Rechargeable batteries are in everything. Look around you right now, and there are probably half a dozen devices that contain a rechargeable battery within arm's reach of you.
Given the number of gadgets that house a rechargeable battery that live in your home, it's a good thing that they are surprisingly safe and rarely burst into flames.
But rarely is not never.
Yes, that's right, a battery can -- and sometimes does -- burst into flames.
The good news is that batteries generally give you a warning before erupting into a fireball. And if you know the warning signs, you can deal with it before getting a nasty surprise.
Here are the warning signs you should look for that your smartphone or laptop battery could be getting ready to explode.
1. The gadget gets really hot
This is a big warning sign that something bad could happen imminently.
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2. The device is swelling, or the seams are bursting open
Rechargeable batteries can swell up dramatically when faulty, and this can push displays out of smartphones and even bend and bulge the case of laptops and other gadgets.
3. A nasty chemical smell comes emitted from the device
This is another warning sign. It might not be the battery at fault here, but any acrid smells coming from a gadget is a sign that it needs checking.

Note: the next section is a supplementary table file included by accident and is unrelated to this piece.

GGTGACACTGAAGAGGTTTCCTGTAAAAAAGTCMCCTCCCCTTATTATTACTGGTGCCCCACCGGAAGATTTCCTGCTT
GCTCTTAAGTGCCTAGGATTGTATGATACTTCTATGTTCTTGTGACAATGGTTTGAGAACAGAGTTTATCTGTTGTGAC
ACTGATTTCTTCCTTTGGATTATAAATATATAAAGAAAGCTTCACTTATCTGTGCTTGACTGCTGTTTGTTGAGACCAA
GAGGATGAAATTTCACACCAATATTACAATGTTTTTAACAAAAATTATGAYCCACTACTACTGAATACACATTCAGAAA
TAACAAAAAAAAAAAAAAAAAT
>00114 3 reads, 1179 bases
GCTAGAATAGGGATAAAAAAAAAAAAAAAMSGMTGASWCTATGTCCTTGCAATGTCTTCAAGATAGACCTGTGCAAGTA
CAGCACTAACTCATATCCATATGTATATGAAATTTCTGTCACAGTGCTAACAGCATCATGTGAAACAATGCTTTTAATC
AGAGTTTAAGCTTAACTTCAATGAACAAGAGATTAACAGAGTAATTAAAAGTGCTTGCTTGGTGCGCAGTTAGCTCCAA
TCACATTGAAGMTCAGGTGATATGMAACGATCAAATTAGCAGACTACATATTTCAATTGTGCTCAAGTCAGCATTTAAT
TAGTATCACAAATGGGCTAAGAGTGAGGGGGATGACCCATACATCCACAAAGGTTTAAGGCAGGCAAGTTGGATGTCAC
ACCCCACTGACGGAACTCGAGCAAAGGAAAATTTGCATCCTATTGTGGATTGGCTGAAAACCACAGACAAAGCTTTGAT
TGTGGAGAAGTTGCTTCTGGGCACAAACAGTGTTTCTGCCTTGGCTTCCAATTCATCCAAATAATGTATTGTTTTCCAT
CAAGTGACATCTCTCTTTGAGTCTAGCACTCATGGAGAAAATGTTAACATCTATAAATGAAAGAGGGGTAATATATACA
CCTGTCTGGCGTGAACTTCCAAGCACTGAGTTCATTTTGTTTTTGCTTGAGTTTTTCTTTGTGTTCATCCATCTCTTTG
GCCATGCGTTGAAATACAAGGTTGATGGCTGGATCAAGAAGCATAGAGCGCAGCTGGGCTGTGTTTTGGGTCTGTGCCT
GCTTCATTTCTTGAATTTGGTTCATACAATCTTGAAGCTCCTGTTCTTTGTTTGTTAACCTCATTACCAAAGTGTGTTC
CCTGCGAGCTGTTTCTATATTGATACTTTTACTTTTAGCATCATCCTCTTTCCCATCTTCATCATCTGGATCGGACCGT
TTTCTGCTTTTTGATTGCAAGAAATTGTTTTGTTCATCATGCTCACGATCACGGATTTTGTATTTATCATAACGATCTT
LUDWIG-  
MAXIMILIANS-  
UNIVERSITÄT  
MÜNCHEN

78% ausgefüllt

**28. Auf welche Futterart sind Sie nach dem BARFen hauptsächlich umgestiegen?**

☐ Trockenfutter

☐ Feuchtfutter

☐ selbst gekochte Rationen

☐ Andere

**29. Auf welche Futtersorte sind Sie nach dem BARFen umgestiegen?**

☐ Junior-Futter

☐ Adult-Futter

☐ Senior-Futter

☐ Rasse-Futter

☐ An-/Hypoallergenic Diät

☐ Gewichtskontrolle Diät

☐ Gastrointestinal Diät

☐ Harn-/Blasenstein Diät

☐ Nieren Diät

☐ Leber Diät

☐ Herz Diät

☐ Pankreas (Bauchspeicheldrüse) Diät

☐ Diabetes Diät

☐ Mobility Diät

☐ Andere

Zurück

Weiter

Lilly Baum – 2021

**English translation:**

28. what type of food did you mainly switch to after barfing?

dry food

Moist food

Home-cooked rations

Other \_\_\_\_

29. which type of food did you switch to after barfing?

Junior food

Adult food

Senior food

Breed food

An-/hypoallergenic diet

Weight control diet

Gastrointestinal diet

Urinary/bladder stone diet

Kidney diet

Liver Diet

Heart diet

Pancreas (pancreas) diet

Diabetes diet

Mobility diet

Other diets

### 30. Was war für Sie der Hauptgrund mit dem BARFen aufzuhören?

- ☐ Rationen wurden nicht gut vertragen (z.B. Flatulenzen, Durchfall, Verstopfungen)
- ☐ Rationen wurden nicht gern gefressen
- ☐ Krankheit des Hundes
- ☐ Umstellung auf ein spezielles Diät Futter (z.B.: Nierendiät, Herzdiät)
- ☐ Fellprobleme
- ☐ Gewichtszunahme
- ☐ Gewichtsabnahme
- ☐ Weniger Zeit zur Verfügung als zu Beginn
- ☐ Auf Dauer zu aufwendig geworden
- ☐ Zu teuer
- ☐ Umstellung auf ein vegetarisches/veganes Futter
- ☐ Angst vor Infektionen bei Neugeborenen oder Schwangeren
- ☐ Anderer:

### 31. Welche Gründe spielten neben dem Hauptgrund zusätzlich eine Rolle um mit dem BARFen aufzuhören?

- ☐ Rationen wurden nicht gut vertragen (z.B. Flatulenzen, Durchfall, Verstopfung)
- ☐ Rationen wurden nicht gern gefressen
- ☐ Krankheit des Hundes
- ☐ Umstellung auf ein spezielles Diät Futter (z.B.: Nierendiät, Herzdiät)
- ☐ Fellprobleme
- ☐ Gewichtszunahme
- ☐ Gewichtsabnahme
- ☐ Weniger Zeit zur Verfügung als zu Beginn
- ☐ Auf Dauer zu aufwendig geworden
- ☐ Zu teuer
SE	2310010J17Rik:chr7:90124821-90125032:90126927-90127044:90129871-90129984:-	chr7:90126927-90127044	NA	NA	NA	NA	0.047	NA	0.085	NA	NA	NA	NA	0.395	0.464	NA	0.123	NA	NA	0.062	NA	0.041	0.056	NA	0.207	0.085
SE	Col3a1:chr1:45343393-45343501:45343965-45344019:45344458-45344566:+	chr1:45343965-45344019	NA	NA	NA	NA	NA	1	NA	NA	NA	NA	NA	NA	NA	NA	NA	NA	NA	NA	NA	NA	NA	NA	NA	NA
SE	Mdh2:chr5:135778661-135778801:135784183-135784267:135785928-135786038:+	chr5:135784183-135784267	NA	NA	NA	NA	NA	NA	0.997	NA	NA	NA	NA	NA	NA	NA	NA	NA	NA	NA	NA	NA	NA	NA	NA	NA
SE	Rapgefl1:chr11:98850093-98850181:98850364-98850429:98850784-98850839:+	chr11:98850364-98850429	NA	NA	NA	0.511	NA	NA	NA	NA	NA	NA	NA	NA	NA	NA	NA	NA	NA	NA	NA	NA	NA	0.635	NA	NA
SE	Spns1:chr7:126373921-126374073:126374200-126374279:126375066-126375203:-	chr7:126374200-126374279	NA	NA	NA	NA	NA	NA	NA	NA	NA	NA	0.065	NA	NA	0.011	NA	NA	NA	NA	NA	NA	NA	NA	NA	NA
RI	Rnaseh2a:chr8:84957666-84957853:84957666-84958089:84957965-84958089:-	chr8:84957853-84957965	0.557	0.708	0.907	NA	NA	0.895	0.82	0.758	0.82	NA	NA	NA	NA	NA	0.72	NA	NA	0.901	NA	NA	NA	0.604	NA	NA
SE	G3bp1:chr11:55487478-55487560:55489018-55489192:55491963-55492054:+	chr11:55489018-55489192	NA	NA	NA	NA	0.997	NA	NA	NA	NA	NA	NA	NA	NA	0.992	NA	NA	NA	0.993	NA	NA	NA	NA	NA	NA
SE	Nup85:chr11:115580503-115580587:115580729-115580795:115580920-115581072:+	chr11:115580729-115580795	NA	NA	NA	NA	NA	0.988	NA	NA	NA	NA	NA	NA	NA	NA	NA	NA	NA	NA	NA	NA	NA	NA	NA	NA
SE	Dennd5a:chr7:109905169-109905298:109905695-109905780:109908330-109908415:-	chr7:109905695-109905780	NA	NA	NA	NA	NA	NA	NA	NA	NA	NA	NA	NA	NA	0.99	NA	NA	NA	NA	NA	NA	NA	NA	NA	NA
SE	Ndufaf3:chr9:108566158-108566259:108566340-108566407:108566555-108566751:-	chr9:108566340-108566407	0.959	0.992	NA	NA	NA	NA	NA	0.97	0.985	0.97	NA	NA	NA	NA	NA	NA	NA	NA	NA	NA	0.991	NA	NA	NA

Kind of goes without saying that this is a problem you shouldn't ignore.
5. Device doesn't charge properly
This might not be an imminent sign that your smartphone, laptop, or other gadget is going to go up in flames, but it's a sign that something is wrong, and to be on the safe side, it's worth getting the device checked.
Also: MacBook not charging? Here's what to check
6. Liquids leaking from a device
This might not be the battery, but it's still a warning sign that you shouldn't ignore. If it's not coming from the battery, it's coming from something.
7. The device has suffered serious damage
Maybe a big drop where the case is dented or been crushed or bent. If there's any chance that the battery has been damaged or punctured, this is a problem that you shouldn't ignore.
What to do in the event of a fire
If you come across any of these signs, stop using the device and seek expert help, and in the meantime, put the device somewhere where if it does burst into flames, it's not going to cause a big problem (on a metal tray, on concrete, something that's not going to catch and spread the fire).
If your device catches fire, don't throw water on it, as this can make it worse! This is when having the appropriate fire extinguisher can save the day. Don't have one? Buy one now. Seriously.
If the fire is small and you don't have access to a fire extinguisher, then covering the device with something fireproof -- a metal pan or glass bowl -- can help prevent the spread. That said, don't take chances where fires are concerned. Evacuating the area and calling the emergency services is the safest thing to do.